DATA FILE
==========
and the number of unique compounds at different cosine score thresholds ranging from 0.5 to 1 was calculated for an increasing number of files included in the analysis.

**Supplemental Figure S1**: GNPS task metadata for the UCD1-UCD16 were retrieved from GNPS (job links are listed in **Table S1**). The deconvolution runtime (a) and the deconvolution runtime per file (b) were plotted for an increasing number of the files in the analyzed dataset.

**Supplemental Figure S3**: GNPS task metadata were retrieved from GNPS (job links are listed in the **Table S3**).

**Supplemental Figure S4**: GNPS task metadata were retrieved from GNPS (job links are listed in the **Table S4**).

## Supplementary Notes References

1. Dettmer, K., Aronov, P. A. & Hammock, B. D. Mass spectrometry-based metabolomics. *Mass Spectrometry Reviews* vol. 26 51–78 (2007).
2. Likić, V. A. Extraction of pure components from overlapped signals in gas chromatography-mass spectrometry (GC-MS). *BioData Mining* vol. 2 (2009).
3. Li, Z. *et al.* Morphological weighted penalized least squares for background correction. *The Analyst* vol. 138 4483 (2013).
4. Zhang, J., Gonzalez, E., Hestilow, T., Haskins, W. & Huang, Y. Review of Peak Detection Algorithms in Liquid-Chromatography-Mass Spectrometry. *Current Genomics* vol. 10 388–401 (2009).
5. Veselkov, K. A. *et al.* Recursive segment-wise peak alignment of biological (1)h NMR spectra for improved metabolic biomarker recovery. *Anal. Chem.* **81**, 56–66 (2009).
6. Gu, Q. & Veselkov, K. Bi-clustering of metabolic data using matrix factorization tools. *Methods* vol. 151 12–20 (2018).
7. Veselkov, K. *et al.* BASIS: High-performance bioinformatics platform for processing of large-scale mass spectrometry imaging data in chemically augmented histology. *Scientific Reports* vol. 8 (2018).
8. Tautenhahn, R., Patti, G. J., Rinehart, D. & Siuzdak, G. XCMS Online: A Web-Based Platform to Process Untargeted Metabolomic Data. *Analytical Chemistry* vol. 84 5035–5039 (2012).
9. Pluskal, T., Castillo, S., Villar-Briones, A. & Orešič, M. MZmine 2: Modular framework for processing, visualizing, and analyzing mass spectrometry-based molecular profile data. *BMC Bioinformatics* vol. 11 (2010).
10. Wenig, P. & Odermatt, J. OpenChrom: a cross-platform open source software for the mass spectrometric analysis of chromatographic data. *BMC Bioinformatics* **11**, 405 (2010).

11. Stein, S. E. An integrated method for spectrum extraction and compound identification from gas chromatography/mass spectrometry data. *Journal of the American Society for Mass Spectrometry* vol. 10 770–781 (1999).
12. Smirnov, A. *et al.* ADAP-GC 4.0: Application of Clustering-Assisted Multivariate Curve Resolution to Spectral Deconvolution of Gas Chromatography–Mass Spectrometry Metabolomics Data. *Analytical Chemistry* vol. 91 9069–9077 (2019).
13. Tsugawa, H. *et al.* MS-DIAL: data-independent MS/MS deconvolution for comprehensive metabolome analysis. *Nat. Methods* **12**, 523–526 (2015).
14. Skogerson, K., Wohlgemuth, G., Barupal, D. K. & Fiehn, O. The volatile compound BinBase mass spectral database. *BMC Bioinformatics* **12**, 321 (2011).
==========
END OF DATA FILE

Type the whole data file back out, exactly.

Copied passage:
and the number of unique compounds at different cosine score thresholds ranging from 0.5 to 1 was calculated for an increasing number of files included in the analysis.

**Supplemental Figure S1**: GNPS task metadata for the UCD1-UCD16 were retrieved from GNPS (job links are listed in **Table S1**). The deconvolution runtime (a) and the deconvolution runtime per file (b) were plotted for an increasing number of the files in the analyzed dataset.

**Supplemental Figure S3**: GNPS task metadata were retrieved from GNPS (job links are listed in the **Table S3**).

**Supplemental Figure S4**: GNPS task metadata were retrieved from GNPS (job links are listed in the **Table S4**).

## Supplementary Notes References

1. Dettmer, K., Aronov, P. A. & Hammock, B. D. Mass spectrometry-based metabolomics. *Mass Spectrometry Reviews* vol. 26 51–78 (2007).
2. Likić, V. A. Extraction of pure components from overlapped signals in gas chromatography-mass spectrometry (GC-MS). *BioData Mining* vol. 2 (2009).
3. Li, Z. *et al.* Morphological weighted penalized least squares for background correction. *The Analyst* vol. 138 4483 (2013).
4. Zhang, J., Gonzalez, E., Hestilow, T., Haskins, W. & Huang, Y. Review of Peak Detection Algorithms in Liquid-Chromatography-Mass Spectrometry. *Current Genomics* vol. 10 388–401 (2009).
5. Veselkov, K. A. *et al.* Recursive segment-wise peak alignment of biological (1)h NMR spectra for improved metabolic biomarker recovery. *Anal. Chem.* **81**, 56–66 (2009).
6. Gu, Q. & Veselkov, K. Bi-clustering of metabolic data using matrix factorization tools. *Methods* vol. 151 12–20 (2018).
7. Veselkov, K. *et al.* BASIS: High-performance bioinformatics platform for processing of large-scale mass spectrometry imaging data in chemically augmented histology. *Scientific Reports* vol. 8 (2018).
8. Tautenhahn, R., Patti, G. J., Rinehart, D. & Siuzdak, G. XCMS Online: A Web-Based Platform to Process Untargeted Metabolomic Data. *Analytical Chemistry* vol. 84 5035–5039 (2012).
9. Pluskal, T., Castillo, S., Villar-Briones, A. & Orešič, M. MZmine 2: Modular framework for processing, visualizing, and analyzing mass spectrometry-based molecular profile data. *BMC Bioinformatics* vol. 11 (2010).
10. Wenig, P. & Odermatt, J. OpenChrom: a cross-platform open source software for the mass spectrometric analysis of chromatographic data. *BMC Bioinformatics* **11**, 405 (2010).

11. Stein, S. E. An integrated method for spectrum extraction and compound identification from gas chromatography/mass spectrometry data. *Journal of the American Society for Mass Spectrometry* vol. 10 770–781 (1999).
12. Smirnov, A. *et al.* ADAP-GC 4.0: Application of Clustering-Assisted Multivariate Curve Resolution to Spectral Deconvolution of Gas Chromatography–Mass Spectrometry Metabolomics Data. *Analytical Chemistry* vol. 91 9069–9077 (2019).
13. Tsugawa, H. *et al.* MS-DIAL: data-independent MS/MS deconvolution for comprehensive metabolome analysis. *Nat. Methods* **12**, 523–526 (2015).
14. Skogerson, K., Wohlgemuth, G., Barupal, D. K. & Fiehn, O. The volatile compound BinBase mass spectral database. *BMC Bioinformatics* **12**, 321 (2011).